Since lending has traditionally been the bread and butter business of the banking sector, these banks have to look elsewhere for ways to make money. So they speculate in the capital markets using all the cheap money the Fed provides them. Speculation carries its own risk but they would rather risk billions in the derivatives markets than trillions in lending to their customers. Go figure!

Markets did react not well to the banking downgrade or to their disappointment in the Fed's extension of Operation Twist to the end of the year. They were looking for some grander gesture from the central bank. Both events gave investors the excuse they needed to take some profits after the hefty gains of the last two weeks.

In my opinion, this is just the kind of pullback I was hoping for when I advised readers last week to re-invest their cash. I had warned investors that the stock market could very well pull back to the 200 day moving average, which on the S&P 500 Index is at the 1,285 level. From here it is only 2-3 percent of downside while I believe the upside could easily be double or triple that.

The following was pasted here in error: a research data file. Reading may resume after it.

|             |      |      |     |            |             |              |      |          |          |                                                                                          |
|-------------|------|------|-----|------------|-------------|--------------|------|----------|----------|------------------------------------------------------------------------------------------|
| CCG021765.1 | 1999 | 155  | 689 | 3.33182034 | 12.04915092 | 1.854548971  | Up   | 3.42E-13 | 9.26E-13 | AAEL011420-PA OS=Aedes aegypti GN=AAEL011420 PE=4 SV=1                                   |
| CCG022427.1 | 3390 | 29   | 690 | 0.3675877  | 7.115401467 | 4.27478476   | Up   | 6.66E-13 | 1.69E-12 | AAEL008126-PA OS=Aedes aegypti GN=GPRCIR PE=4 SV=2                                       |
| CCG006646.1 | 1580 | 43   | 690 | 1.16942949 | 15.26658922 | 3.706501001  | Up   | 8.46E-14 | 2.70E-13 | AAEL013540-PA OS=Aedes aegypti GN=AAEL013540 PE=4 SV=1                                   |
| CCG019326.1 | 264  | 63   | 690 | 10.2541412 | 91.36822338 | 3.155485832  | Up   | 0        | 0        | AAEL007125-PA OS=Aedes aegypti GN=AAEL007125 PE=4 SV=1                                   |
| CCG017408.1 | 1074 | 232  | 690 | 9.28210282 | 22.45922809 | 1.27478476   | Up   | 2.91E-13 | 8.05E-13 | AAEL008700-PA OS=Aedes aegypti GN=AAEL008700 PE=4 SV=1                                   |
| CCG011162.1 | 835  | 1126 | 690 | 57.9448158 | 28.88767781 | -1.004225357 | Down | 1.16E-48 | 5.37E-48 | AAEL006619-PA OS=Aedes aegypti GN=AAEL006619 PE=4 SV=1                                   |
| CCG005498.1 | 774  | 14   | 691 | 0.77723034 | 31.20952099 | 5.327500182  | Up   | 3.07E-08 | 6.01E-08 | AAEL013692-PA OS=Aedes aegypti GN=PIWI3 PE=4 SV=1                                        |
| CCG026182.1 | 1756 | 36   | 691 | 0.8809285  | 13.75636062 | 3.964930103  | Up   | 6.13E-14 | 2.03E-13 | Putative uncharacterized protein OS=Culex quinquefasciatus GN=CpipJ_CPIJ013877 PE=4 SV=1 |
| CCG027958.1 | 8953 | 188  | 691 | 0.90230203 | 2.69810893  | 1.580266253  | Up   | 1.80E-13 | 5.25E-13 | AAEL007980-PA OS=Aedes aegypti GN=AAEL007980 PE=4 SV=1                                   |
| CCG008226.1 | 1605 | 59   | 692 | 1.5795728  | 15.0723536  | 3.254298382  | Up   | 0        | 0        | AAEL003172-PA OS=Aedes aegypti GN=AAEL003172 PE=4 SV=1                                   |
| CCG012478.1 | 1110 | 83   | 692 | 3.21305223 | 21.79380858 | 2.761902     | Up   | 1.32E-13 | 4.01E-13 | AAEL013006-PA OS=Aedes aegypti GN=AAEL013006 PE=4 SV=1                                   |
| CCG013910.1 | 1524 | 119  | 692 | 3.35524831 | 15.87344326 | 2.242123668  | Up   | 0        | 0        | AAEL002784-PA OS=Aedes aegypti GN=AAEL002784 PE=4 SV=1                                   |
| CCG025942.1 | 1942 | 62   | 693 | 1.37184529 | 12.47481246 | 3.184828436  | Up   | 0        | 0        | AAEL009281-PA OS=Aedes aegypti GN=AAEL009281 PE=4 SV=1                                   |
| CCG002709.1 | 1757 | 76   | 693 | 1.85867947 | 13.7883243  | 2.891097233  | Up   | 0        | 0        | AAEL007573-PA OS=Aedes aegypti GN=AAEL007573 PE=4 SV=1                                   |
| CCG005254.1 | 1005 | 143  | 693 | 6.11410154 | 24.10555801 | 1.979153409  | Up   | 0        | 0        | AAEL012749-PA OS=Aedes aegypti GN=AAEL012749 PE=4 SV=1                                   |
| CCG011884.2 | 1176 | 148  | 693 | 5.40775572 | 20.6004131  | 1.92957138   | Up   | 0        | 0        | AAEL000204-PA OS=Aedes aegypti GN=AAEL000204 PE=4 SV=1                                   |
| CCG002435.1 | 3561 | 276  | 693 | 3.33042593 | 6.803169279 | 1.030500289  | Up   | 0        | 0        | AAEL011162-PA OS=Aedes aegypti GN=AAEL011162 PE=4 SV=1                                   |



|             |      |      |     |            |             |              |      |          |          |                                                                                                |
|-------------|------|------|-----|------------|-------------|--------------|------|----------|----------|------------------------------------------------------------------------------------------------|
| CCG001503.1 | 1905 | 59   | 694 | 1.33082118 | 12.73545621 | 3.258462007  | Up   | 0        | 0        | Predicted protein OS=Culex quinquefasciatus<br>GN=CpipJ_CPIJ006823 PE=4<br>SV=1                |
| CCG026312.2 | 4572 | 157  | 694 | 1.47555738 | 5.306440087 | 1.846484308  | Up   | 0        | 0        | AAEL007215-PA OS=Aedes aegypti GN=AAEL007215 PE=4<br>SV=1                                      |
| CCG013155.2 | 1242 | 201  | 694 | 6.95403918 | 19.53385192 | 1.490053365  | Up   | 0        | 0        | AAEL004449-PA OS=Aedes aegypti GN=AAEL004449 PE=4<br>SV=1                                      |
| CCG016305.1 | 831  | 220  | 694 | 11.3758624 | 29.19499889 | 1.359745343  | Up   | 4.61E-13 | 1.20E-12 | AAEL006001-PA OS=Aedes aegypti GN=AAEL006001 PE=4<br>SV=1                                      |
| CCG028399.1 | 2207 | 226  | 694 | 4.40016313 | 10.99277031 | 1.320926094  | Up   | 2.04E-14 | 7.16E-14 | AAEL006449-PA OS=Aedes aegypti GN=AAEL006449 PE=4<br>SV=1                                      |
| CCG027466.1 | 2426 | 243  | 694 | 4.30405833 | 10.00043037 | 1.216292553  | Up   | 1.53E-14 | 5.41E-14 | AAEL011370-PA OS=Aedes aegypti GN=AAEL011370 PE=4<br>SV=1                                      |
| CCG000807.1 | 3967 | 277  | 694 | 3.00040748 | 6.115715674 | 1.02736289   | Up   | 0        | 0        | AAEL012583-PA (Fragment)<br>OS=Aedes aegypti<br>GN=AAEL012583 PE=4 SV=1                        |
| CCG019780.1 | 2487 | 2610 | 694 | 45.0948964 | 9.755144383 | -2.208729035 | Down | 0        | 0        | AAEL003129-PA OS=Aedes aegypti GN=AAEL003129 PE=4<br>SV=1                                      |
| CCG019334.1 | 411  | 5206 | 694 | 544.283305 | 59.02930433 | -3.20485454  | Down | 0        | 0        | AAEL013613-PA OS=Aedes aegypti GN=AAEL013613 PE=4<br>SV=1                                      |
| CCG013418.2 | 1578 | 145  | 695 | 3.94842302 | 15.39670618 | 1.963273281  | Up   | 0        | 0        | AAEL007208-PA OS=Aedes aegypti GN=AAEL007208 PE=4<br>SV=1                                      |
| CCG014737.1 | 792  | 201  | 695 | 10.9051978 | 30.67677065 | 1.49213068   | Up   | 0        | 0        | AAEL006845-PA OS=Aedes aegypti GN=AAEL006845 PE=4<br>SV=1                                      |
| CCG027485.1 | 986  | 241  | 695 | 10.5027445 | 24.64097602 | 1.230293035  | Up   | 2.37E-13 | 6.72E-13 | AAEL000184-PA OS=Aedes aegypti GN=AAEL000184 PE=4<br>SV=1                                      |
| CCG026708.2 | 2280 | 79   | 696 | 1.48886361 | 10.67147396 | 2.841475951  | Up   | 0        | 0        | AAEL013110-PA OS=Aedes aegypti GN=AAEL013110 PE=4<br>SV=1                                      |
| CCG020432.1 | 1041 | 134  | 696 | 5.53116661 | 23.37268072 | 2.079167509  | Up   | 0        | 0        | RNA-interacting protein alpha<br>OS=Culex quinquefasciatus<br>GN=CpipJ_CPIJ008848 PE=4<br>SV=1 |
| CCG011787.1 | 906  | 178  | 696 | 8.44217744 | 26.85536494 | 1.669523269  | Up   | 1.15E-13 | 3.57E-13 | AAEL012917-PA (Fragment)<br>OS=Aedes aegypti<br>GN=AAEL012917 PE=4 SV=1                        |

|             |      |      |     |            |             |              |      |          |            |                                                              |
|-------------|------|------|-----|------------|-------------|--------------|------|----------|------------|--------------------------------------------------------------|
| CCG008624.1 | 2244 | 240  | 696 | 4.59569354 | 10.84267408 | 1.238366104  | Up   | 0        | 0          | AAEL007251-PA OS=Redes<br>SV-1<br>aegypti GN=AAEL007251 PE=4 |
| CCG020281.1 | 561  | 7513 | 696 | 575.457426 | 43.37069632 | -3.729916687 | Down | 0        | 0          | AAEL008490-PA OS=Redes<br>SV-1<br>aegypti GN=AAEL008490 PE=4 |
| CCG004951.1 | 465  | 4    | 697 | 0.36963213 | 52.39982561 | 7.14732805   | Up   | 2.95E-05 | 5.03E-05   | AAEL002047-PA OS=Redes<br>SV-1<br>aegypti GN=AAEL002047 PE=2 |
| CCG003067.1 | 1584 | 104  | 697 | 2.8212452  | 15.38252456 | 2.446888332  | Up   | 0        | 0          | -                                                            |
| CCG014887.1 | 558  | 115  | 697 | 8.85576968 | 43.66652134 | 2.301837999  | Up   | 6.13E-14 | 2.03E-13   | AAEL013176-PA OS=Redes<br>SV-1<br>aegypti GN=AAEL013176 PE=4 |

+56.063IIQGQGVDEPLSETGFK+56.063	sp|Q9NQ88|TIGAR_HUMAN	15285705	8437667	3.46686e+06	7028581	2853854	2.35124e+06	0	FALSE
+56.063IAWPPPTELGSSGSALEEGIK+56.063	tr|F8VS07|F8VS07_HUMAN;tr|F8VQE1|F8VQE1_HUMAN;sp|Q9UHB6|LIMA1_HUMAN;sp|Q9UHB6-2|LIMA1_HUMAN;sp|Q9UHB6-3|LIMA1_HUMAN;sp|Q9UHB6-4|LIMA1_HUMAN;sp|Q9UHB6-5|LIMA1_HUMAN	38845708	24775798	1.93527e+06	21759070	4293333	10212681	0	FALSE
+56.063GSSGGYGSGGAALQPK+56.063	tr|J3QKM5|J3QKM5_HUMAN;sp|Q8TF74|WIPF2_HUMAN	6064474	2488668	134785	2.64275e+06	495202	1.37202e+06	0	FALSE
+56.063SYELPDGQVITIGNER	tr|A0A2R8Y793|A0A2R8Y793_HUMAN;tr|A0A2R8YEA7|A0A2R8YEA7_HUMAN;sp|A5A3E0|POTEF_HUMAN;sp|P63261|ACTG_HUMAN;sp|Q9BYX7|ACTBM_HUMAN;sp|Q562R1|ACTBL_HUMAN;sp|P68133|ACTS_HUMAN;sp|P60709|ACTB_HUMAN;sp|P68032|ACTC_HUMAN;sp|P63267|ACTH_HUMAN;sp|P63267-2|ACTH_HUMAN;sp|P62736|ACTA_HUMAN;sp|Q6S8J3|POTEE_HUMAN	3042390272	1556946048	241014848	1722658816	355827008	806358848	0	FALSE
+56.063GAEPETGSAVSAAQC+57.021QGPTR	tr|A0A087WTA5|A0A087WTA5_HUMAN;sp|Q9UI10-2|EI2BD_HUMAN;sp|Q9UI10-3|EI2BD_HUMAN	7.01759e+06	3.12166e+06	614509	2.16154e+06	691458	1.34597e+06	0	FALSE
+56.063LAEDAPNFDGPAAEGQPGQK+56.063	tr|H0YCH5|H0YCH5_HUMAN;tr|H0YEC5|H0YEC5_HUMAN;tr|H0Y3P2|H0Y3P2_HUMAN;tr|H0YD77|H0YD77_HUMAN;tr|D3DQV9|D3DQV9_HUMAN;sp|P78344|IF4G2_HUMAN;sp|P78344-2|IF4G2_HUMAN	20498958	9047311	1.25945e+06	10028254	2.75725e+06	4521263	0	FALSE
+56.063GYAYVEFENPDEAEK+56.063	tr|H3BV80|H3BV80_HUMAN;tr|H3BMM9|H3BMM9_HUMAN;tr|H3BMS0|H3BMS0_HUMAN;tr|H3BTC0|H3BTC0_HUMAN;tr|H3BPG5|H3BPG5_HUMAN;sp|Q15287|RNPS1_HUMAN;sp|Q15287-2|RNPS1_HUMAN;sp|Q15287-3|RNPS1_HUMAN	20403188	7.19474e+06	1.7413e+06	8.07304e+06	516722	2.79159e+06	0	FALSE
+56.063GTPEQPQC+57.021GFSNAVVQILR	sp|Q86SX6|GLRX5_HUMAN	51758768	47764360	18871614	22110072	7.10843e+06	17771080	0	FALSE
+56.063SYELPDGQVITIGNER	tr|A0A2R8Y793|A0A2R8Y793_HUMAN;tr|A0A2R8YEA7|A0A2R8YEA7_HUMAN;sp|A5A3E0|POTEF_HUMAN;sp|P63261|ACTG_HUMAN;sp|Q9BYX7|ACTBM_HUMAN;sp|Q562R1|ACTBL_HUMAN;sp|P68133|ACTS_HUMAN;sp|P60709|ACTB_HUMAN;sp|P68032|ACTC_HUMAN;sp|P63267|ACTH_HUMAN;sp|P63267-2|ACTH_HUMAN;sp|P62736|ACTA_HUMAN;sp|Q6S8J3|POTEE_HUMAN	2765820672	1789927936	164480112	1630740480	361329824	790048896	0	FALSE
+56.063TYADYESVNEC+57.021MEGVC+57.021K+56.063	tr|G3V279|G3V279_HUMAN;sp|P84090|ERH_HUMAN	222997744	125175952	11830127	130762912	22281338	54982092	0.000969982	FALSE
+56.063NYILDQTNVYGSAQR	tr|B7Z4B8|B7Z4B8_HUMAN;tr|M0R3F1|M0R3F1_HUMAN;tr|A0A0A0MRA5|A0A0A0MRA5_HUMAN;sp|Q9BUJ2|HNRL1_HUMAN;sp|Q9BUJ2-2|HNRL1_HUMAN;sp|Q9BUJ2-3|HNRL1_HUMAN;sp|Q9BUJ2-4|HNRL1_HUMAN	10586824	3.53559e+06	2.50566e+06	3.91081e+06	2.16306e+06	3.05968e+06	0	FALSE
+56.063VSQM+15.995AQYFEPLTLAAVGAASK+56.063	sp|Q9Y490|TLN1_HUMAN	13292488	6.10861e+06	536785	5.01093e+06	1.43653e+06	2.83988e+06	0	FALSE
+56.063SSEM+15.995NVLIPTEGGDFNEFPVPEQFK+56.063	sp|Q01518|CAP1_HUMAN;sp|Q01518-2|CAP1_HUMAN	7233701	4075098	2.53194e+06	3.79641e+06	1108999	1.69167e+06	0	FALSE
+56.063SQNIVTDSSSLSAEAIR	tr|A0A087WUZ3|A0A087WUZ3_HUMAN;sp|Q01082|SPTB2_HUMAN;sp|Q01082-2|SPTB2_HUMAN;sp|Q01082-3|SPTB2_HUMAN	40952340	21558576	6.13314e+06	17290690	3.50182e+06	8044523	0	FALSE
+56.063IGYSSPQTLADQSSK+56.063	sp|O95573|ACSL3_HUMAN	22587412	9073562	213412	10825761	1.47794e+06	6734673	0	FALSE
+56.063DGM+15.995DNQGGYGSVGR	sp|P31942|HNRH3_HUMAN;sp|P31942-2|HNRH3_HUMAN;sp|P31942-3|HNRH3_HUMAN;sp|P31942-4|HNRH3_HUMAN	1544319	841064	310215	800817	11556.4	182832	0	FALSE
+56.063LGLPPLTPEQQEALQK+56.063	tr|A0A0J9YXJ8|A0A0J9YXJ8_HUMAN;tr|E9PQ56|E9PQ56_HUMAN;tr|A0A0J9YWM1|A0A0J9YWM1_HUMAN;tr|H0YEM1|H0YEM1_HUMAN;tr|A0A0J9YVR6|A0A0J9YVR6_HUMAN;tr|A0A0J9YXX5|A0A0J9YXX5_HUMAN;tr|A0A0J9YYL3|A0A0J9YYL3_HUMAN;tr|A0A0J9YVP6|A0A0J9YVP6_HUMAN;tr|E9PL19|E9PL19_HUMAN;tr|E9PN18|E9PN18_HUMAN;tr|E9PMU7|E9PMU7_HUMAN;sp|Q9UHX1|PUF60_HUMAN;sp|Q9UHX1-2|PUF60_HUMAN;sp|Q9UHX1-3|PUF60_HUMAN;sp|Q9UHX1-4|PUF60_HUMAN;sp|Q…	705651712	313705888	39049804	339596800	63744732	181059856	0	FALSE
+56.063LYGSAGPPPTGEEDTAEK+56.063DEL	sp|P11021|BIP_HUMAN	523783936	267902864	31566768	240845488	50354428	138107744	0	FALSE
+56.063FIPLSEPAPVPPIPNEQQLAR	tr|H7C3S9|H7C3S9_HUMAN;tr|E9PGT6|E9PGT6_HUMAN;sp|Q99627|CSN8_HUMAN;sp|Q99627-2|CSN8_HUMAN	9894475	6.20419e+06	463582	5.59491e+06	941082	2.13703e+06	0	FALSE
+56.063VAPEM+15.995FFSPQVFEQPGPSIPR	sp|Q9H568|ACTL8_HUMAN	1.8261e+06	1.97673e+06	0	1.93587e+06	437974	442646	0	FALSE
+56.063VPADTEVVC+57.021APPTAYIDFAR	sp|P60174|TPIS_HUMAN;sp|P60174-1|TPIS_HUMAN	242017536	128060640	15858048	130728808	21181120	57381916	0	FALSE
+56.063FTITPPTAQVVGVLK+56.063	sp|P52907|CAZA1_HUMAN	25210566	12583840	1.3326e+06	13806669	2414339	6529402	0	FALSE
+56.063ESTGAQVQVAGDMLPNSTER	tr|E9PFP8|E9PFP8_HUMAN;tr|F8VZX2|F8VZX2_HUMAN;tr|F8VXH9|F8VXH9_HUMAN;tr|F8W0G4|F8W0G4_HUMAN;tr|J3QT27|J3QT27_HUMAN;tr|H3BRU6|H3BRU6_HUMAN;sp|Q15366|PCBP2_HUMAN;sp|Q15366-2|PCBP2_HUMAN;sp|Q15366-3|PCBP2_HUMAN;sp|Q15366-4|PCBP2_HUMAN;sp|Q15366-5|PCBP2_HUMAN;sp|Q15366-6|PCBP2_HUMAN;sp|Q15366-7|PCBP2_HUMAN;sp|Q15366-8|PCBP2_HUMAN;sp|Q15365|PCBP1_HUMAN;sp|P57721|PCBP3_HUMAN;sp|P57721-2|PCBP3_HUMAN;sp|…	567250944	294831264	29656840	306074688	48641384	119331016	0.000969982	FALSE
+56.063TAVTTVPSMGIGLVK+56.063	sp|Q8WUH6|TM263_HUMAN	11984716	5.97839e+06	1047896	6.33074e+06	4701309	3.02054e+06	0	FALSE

Today in Rome leaders of the Euro-zone's big four economies — Spain, France, Germany and Italy — are meeting to hammer out further solutions to their debt crisis. These talks will set the stage for next week's European Union summit in Brussels. Investors have high hopes for some additional action by the EU and the ECB during that summit.

Time and again, however, investors have been disappointed by the results of these summits. I have warned investors that the market's timetable and that of the EU is vastly different. Markets want solutions now but EU officials have a longer time frame. Changes among their members require negotiation, consensus-building and a bit of horse-trading. Many members, especially among the stronger economies, have traditionally taken a "wait and see" attitude to events. Over the past two years that has resulted in an atmosphere of crisis management.